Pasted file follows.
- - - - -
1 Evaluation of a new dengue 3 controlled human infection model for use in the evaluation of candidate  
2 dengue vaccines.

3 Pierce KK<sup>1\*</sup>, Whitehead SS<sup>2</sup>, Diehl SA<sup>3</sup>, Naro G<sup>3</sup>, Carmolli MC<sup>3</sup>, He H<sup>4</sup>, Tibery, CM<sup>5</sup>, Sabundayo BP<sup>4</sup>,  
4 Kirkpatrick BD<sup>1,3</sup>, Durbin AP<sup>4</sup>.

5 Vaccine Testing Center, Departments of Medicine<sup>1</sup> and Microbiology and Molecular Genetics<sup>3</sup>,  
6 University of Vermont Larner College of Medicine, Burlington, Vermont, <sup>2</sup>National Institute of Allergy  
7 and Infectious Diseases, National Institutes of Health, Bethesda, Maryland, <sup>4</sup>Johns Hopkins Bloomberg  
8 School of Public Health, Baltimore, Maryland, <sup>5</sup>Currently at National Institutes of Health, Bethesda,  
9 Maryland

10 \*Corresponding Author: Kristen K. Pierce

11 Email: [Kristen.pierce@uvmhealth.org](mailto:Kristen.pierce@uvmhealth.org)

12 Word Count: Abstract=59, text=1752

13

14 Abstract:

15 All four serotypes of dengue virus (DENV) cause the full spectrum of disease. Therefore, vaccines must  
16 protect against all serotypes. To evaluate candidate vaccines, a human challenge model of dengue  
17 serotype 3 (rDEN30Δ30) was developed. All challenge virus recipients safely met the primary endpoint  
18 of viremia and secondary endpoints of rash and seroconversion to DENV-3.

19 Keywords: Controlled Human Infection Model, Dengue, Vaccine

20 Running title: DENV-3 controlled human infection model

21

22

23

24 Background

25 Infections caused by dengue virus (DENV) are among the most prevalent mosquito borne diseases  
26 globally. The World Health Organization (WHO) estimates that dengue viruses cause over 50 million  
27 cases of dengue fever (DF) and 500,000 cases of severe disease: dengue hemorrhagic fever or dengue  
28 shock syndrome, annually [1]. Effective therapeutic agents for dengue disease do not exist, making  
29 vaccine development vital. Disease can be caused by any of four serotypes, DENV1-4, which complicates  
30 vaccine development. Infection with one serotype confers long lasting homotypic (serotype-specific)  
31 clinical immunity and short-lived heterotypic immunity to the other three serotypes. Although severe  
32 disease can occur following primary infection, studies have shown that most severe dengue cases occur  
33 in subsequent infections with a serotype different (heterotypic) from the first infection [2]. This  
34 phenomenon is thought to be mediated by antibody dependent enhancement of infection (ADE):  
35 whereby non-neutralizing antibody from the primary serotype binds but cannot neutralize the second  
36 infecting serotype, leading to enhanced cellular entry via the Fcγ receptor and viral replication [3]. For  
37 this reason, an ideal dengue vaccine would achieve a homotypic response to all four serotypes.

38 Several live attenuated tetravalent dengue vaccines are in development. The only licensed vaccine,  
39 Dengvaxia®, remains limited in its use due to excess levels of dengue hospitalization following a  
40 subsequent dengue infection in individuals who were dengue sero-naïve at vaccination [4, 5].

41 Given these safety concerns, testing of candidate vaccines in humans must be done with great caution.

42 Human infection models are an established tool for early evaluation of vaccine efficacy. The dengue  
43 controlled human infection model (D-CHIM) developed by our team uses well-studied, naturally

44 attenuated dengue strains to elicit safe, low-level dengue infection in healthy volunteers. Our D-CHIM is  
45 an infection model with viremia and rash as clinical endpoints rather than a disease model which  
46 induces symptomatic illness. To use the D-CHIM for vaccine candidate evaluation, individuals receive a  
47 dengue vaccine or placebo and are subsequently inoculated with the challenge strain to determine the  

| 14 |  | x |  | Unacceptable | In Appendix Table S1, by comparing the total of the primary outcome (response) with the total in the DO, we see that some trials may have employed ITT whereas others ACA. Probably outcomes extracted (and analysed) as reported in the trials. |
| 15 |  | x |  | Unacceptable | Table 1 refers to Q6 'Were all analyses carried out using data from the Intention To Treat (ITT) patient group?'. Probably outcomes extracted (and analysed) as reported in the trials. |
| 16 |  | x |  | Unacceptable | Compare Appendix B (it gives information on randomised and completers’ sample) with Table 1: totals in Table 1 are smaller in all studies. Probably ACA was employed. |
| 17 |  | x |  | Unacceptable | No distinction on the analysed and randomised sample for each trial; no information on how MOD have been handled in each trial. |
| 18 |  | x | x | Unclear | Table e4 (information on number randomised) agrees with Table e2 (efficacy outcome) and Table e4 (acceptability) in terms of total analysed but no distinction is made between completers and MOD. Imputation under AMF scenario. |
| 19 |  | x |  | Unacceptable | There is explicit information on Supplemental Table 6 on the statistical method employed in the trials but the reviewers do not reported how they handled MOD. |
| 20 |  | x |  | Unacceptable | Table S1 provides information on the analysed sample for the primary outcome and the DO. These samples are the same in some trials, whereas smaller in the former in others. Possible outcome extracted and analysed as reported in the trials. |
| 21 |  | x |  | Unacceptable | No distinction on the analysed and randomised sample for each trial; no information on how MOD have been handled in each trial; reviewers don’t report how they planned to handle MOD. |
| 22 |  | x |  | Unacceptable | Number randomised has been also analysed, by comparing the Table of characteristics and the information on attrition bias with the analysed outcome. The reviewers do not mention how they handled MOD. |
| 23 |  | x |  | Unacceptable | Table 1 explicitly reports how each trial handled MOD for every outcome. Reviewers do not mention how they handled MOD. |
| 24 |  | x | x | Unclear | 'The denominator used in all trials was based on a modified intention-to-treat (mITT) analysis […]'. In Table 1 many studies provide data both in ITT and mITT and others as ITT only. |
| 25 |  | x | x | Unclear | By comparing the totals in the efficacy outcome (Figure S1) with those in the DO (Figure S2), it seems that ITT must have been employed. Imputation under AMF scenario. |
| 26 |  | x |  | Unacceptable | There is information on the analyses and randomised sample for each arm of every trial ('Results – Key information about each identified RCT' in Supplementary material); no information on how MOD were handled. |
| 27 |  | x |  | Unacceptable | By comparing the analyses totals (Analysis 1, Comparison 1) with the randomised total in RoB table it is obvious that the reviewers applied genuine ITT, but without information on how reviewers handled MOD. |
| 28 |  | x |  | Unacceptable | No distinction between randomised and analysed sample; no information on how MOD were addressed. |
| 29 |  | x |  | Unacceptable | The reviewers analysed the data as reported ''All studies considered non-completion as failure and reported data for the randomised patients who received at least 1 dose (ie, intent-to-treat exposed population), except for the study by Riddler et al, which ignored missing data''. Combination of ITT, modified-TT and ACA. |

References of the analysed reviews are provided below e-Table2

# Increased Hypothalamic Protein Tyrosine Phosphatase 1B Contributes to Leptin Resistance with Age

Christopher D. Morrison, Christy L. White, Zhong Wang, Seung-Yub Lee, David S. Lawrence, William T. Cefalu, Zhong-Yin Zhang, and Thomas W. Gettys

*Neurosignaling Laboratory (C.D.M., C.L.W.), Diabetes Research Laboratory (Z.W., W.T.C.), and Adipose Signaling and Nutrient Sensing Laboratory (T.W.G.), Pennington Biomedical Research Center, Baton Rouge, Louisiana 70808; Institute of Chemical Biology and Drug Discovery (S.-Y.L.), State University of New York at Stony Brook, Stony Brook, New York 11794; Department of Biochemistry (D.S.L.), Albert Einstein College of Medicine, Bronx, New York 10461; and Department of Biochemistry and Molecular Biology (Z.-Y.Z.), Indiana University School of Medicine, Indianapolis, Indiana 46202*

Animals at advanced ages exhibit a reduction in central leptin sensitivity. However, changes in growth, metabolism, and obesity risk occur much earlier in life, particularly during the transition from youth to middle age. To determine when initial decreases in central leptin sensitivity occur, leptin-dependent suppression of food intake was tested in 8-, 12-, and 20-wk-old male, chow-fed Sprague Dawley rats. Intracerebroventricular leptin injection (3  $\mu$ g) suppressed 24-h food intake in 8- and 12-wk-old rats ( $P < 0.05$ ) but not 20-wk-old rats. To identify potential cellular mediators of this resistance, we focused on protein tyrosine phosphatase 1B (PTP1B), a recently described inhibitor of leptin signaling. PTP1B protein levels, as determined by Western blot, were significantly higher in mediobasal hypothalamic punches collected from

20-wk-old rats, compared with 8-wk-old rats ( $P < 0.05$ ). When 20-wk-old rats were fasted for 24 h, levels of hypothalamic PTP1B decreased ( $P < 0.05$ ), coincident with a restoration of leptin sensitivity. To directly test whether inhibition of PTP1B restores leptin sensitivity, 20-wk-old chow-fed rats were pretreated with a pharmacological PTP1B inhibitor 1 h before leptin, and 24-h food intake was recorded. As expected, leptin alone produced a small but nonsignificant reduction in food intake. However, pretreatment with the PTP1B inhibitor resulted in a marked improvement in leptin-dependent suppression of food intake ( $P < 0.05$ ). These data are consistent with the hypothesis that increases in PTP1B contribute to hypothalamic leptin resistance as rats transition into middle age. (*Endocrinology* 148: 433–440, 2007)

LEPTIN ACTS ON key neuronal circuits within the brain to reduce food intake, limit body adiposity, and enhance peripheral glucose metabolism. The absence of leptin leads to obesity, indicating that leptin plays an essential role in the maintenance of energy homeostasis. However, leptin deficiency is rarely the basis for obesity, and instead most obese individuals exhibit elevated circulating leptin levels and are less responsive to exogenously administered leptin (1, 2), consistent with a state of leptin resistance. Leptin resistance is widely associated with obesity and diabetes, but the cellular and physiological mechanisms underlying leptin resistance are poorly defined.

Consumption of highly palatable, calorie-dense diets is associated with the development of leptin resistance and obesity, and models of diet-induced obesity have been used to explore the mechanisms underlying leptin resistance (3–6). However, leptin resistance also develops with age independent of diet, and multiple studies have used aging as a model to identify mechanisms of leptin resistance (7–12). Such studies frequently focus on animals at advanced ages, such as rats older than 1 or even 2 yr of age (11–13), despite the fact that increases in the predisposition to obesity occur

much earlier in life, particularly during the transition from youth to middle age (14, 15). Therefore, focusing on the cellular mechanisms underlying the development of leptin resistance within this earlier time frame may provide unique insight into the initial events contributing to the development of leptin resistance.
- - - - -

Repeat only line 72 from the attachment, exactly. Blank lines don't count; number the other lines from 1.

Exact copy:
much earlier in life, particularly during the transition from youth to middle age (14, 15). Therefore, focusing on the cellular mechanisms underlying the development of leptin resistance within this earlier time frame may provide unique insight into the initial events contributing to the development of leptin resistance.